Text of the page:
6 would be refused. In that general poverty and misery, if anything can be
7 received, then let it. But I wanted to register the hospital officially
8 so that people get at least an allowance from the Ministry of Health.
9 Q. Did you have a course of military surgery for your staff members?
10 A. You see, in Dobrinja, Kuzmanovic and many other Serbs, very nice
11 young men with whom I worked and met socially, Dr. Vranic organised, when
12 the war in Croatia
13 beginning we were laughing. Nobody believed we'd ever need it.
14 Interpersonal relations were still good among all ethnic communities.
15 But in my hospital, I had to start from scratch because 90 per cent of
16 staff were absent. First of all, I had to get hold of basic equipment.
17 The first surgery I did with Dr. Vranic lasted seven hours. Transport
18 was a problem. Blood transfusions were a problem. I had to send my
19 staff to the Institute for Transfusions to teach them the basics. We had
20 a crash course in emergency surgery. All sorts of things needed to be
21 done preliminarily before the hospital took off.
22 THE ACCUSED: [Interpretation] Can this page be admitted, please?
23 JUDGE KWON: Dr. Hajir, the document which is in front of you,
24 called a memo, says that the Green Berets were in possession of two vans
25 with Red Cross insignia on them. Did you know or hear such facts?
1 THE WITNESS: [Interpretation] Never. I neither approve, nor have
2 I ever heard of anything like that.
3 You see, there's one thing with Mr. Karadzic. He ascribes and
4 blames everything on Green Berets. There are --
5 JUDGE KWON: Doctor, you said, did you not, that this could have
6 contributed to distrust? Did you say that on a hypothetical basis?
7 THE WITNESS: [Interpretation] What do you mean; those vehicles?
8 JUDGE KWON: Yes. And in answering the question by the accused,
9 Dr. Karadzic, you confirmed that it might have contributed to distrust,
10 so I was wondering whether you confirm that such abuses of ambulances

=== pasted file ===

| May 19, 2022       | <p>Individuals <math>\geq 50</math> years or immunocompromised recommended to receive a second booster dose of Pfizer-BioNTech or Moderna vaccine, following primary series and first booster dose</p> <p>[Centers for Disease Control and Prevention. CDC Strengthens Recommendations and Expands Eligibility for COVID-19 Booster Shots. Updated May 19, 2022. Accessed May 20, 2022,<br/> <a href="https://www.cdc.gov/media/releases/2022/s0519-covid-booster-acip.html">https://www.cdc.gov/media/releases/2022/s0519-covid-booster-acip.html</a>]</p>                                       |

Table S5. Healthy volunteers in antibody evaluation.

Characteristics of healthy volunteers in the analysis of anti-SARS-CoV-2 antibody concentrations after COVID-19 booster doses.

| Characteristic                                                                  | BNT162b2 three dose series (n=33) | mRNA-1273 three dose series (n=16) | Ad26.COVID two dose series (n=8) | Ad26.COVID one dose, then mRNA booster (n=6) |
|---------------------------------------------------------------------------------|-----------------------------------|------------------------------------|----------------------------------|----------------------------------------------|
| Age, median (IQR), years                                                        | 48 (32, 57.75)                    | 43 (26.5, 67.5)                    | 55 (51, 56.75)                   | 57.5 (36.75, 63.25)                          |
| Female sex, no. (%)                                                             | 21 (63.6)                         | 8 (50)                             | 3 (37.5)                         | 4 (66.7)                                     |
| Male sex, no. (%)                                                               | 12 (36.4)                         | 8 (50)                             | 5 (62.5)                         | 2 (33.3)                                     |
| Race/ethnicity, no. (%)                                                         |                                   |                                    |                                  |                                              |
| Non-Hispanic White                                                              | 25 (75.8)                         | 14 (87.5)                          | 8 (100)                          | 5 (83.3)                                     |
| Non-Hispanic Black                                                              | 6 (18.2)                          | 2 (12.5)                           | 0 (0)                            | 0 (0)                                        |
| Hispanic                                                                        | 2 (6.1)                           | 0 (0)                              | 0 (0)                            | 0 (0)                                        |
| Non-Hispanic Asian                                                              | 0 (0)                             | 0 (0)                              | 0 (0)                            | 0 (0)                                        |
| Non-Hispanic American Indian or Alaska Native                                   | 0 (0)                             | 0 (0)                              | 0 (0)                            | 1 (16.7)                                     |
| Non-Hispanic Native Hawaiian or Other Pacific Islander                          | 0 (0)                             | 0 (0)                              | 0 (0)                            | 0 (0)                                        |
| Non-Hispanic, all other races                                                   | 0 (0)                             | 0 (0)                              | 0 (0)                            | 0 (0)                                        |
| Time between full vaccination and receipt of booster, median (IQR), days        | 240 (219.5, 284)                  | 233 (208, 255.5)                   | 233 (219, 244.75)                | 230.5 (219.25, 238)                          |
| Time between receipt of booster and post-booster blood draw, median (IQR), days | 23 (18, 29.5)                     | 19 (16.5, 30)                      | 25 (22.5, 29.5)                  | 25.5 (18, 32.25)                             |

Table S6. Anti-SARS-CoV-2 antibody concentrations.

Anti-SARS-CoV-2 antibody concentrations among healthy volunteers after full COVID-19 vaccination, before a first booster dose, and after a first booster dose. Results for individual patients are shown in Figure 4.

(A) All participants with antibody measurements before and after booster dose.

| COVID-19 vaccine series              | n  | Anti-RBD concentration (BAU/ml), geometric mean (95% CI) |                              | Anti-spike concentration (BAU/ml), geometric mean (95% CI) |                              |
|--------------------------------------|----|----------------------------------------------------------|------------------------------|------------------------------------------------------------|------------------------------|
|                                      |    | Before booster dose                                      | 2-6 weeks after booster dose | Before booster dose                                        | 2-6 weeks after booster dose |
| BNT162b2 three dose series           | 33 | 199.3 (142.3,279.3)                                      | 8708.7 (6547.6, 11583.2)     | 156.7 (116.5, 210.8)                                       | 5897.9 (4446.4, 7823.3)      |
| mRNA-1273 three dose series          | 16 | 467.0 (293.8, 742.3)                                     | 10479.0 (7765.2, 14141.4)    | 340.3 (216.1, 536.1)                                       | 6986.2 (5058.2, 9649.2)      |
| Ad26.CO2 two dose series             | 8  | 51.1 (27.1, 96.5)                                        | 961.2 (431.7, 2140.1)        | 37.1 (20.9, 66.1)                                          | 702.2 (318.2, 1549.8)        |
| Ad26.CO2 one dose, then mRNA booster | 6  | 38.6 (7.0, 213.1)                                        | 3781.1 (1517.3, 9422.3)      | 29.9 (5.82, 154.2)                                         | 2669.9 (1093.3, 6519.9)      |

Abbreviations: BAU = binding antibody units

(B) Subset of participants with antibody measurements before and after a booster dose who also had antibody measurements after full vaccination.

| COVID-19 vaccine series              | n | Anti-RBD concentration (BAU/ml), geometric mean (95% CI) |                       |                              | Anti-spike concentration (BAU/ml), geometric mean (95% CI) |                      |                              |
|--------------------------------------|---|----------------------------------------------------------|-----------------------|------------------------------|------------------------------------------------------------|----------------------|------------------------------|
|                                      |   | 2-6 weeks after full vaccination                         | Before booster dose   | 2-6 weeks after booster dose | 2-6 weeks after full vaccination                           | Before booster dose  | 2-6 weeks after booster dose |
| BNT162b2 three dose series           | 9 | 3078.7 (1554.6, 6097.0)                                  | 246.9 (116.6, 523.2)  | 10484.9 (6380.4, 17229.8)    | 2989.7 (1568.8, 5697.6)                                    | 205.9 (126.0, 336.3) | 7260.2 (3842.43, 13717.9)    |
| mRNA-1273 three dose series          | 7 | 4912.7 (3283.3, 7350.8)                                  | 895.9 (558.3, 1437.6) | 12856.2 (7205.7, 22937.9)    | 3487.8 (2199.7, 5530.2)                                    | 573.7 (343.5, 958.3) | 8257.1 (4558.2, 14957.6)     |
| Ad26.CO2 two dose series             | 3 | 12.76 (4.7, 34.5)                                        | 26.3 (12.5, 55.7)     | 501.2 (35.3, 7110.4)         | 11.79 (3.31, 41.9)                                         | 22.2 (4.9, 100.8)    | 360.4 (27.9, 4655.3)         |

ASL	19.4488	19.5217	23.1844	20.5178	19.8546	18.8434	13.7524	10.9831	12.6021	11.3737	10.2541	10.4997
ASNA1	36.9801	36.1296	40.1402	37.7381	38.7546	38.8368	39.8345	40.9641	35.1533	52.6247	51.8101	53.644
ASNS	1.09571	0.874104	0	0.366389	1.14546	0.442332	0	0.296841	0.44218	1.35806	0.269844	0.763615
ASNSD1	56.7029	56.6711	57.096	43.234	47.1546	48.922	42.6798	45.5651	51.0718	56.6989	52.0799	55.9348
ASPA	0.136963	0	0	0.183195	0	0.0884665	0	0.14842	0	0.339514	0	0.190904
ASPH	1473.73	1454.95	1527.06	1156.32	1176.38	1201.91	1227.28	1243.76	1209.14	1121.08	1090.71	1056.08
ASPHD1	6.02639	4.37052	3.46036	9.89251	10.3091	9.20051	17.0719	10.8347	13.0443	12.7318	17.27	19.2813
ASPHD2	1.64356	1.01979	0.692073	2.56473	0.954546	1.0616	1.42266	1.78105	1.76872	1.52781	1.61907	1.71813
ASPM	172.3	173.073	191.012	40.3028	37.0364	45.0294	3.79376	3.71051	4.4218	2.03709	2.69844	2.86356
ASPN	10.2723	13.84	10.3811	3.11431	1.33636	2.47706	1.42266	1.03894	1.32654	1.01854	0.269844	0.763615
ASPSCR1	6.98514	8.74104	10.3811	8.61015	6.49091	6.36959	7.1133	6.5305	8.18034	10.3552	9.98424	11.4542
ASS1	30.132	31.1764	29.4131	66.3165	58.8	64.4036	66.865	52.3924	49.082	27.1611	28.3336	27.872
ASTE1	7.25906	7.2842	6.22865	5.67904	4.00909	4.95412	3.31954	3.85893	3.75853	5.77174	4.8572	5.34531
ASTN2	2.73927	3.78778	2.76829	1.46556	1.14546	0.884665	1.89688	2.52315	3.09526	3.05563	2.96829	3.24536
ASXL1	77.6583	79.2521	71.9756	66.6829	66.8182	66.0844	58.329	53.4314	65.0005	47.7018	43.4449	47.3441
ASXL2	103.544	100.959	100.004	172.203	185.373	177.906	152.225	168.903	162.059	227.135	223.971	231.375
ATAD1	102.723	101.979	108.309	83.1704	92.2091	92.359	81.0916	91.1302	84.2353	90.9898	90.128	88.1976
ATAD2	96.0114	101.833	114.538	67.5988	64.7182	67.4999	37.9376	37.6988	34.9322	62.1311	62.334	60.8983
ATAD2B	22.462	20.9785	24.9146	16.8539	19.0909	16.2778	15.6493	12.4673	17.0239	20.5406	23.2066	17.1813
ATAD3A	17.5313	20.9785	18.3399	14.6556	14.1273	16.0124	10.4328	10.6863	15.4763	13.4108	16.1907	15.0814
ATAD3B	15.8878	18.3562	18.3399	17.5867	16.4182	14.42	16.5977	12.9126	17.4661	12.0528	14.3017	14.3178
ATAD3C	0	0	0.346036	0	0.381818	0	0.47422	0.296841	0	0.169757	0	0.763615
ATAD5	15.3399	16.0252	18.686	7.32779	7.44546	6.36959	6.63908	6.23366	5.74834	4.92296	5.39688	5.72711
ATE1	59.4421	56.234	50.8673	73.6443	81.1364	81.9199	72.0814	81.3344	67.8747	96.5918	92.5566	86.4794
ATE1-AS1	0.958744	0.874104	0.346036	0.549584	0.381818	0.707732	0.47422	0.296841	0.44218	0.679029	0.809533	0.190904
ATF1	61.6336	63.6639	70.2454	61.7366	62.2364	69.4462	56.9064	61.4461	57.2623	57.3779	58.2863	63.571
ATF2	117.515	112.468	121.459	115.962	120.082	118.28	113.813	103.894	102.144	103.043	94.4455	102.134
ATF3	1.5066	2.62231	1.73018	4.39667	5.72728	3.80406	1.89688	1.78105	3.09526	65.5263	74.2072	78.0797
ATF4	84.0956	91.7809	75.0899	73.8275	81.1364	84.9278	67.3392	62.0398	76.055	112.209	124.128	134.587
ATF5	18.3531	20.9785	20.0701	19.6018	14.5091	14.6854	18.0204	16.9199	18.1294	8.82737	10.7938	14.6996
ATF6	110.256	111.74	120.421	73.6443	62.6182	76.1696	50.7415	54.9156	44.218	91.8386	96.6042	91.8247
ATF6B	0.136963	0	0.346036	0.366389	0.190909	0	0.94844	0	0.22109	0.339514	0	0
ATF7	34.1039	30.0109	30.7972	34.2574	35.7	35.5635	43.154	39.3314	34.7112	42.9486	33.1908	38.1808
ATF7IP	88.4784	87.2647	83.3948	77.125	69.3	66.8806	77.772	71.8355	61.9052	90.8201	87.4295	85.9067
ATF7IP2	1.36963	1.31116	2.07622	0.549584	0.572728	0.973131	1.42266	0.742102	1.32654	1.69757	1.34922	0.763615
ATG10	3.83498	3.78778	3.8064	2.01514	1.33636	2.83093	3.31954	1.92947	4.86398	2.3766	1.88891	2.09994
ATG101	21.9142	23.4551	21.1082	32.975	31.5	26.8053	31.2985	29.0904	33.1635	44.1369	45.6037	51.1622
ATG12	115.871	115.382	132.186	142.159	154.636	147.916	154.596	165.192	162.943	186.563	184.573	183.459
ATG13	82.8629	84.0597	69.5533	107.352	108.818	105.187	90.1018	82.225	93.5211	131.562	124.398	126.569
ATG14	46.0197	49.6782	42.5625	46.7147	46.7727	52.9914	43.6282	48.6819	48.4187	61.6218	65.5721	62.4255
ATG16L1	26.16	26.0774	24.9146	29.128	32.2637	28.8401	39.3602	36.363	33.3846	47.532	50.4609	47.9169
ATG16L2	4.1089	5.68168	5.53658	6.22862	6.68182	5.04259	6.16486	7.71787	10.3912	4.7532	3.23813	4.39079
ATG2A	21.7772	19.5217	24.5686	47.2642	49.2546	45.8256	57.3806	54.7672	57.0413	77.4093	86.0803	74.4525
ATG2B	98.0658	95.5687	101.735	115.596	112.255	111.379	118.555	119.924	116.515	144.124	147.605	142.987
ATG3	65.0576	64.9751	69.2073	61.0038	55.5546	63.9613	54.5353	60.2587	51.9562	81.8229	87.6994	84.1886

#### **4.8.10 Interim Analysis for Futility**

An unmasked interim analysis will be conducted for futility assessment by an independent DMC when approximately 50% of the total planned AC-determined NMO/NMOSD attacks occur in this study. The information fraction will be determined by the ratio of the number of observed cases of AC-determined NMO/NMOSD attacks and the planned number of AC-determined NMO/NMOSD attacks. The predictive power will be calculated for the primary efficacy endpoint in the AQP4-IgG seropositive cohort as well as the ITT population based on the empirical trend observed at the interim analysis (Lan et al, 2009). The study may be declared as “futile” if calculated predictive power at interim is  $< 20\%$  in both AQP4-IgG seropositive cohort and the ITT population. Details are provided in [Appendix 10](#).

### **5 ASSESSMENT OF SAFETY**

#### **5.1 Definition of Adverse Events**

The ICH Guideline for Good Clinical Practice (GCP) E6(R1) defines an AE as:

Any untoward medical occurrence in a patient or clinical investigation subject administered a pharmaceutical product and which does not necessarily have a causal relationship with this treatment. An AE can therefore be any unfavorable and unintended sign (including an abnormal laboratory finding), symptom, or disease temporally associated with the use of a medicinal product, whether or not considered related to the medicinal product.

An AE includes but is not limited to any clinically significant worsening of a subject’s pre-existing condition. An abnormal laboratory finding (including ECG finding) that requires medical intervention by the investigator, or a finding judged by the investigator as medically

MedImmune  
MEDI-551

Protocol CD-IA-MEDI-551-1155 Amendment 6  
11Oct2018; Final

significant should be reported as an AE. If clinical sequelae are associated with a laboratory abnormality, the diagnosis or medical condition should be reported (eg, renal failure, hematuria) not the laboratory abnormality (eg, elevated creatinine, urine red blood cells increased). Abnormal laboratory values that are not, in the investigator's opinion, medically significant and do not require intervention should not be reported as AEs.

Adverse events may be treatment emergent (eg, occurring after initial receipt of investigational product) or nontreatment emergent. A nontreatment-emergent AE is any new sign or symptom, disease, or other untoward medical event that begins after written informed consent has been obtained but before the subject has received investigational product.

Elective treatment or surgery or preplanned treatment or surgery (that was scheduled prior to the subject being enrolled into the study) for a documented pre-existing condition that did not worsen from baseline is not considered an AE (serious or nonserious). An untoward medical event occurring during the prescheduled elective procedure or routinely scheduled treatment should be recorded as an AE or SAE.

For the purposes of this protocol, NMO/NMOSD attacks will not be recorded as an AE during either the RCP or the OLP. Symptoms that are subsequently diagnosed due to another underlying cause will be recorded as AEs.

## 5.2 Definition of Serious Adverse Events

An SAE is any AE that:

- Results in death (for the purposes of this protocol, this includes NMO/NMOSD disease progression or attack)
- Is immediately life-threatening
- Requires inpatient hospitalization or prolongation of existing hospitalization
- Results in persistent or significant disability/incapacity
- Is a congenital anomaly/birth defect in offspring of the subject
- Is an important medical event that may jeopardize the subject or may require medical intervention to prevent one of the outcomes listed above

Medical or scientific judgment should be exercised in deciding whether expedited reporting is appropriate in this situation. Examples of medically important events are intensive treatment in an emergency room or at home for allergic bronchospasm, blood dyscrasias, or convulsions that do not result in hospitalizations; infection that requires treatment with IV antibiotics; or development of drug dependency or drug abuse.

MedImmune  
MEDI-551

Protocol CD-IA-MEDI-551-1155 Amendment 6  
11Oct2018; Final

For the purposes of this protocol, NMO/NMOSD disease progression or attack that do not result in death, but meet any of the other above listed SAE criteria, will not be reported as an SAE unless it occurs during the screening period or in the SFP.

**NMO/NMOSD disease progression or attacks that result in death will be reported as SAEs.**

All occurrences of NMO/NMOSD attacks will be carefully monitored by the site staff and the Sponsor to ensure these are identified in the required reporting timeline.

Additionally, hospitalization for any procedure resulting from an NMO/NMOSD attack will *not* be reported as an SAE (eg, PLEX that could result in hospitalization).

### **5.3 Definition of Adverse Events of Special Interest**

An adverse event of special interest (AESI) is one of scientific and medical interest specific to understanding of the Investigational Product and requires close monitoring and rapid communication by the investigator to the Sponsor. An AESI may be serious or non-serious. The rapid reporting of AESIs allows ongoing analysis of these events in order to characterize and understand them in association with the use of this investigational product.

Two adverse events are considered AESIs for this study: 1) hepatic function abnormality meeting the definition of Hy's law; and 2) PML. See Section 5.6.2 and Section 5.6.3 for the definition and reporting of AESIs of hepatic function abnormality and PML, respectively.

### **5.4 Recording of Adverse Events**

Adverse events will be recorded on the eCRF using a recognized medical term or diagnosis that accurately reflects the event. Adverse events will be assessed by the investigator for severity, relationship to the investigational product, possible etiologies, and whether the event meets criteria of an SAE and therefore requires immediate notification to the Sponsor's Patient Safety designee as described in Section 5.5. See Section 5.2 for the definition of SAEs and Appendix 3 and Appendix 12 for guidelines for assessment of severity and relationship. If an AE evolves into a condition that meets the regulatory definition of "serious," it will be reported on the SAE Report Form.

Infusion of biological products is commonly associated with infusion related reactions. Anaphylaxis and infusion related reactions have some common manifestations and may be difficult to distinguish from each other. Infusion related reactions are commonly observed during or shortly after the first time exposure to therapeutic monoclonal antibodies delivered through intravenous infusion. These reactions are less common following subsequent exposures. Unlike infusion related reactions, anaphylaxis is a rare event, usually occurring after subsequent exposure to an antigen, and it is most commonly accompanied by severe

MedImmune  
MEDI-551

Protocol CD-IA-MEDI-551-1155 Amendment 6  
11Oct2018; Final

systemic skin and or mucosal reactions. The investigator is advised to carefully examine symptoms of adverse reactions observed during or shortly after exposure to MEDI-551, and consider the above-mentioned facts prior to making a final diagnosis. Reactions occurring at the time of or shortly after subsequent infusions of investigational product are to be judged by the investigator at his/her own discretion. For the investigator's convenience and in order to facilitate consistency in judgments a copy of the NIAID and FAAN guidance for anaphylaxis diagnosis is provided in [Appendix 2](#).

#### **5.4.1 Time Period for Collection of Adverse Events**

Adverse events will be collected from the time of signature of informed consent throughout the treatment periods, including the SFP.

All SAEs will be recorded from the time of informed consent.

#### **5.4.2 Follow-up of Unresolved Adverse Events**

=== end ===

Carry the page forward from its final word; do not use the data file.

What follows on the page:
11 really took place.
12 THE WITNESS: [Interpretation] No, I did not confirm that, Judge.
13 I'm just speaking, in very general terms, about using humanitarian
14 vehicles for war purposes. I know nothing about this specific incident.
15 JUDGE KWON: Mr. Karadzic, we don't see a basis to admit this
16 document. And I think it's time to conclude --
17 THE ACCUSED: [Interpretation] Very well.
18 JUDGE KWON: -- your cross-examination.
19 THE ACCUSED: [Interpretation] Can I ask one more question?
20 Can we see 1D135.
21 MR. KARADZIC: [Interpretation]
22 Q. Dr. Hajir, you considered yourself, after November 1994, no
23 longer a member of the BH Army, that is, the 155th Brigade?
24 A. That's correct.
25 Q. But if you look at this document, they continue to consider you,
1 as of the 9th of June, 1995, a member of the brigade. And in this
2 report, concerning Operation Vranduk, involving the detachment called
3 El Mujahid, information is provided to the General Staff of the BH Army
4 about foreign nationals in Sarajevo
5 "Hasan Nemar, member of the 101st Brigade, Mustafa Bakou, member
6 of the 101 Brigade, Khachouf, Habib, member of the 152nd Brigade, and
7 Youssef Hajir, member of the 155th Brigade."
8 They don't say anything unkind about you, but they have nothing
9 good to say about the others. Do you know any of the people on that
11 A. I still know Hasan and Mustafa, the first two on this list. The
12 first one is an agronomy engineer who used the plot of land between